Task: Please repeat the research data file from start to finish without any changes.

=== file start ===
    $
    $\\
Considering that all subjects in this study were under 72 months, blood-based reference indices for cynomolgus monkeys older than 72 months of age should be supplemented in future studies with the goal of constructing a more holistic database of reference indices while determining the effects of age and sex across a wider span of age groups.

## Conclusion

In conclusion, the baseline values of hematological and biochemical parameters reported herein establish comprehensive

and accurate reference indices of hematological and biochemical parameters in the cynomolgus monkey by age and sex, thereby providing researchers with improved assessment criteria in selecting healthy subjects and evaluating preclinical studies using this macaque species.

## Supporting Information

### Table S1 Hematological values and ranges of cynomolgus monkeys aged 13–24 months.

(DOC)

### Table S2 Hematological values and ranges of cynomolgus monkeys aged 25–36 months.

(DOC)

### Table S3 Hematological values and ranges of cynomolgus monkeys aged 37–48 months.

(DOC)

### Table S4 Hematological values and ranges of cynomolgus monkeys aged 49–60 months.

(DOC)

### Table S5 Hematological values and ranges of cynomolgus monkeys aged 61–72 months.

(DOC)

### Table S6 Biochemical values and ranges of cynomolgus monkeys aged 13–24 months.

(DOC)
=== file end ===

    $
    $\\
Considering that all subjects in this study were under 72 months, blood-based reference indices for cynomolgus monkeys older than 72 months of age should be supplemented in future studies with the goal of constructing a more holistic database of reference indices while determining the effects of age and sex across a wider span of age groups.

## Conclusion

In conclusion, the baseline values of hematological and biochemical parameters reported herein establish comprehensive

and accurate reference indices of hematological and biochemical parameters in the cynomolgus monkey by age and sex, thereby providing researchers with improved assessment criteria in selecting healthy subjects and evaluating preclinical studies using this macaque species.

## Supporting Information

### Table S1 Hematological values and ranges of cynomolgus monkeys aged 13–24 months.

(DOC)

### Table S2 Hematological values and ranges of cynomolgus monkeys aged 25–36 months.

(DOC)

### Table S3 Hematological values and ranges of cynomolgus monkeys aged 37–48 months.

(DOC)

### Table S4 Hematological values and ranges of cynomolgus monkeys aged 49–60 months.

(DOC)

### Table S5 Hematological values and ranges of cynomolgus monkeys aged 61–72 months.

(DOC)

### Table S6 Biochemical values and ranges of cynomolgus monkeys aged 13–24 months.

(DOC)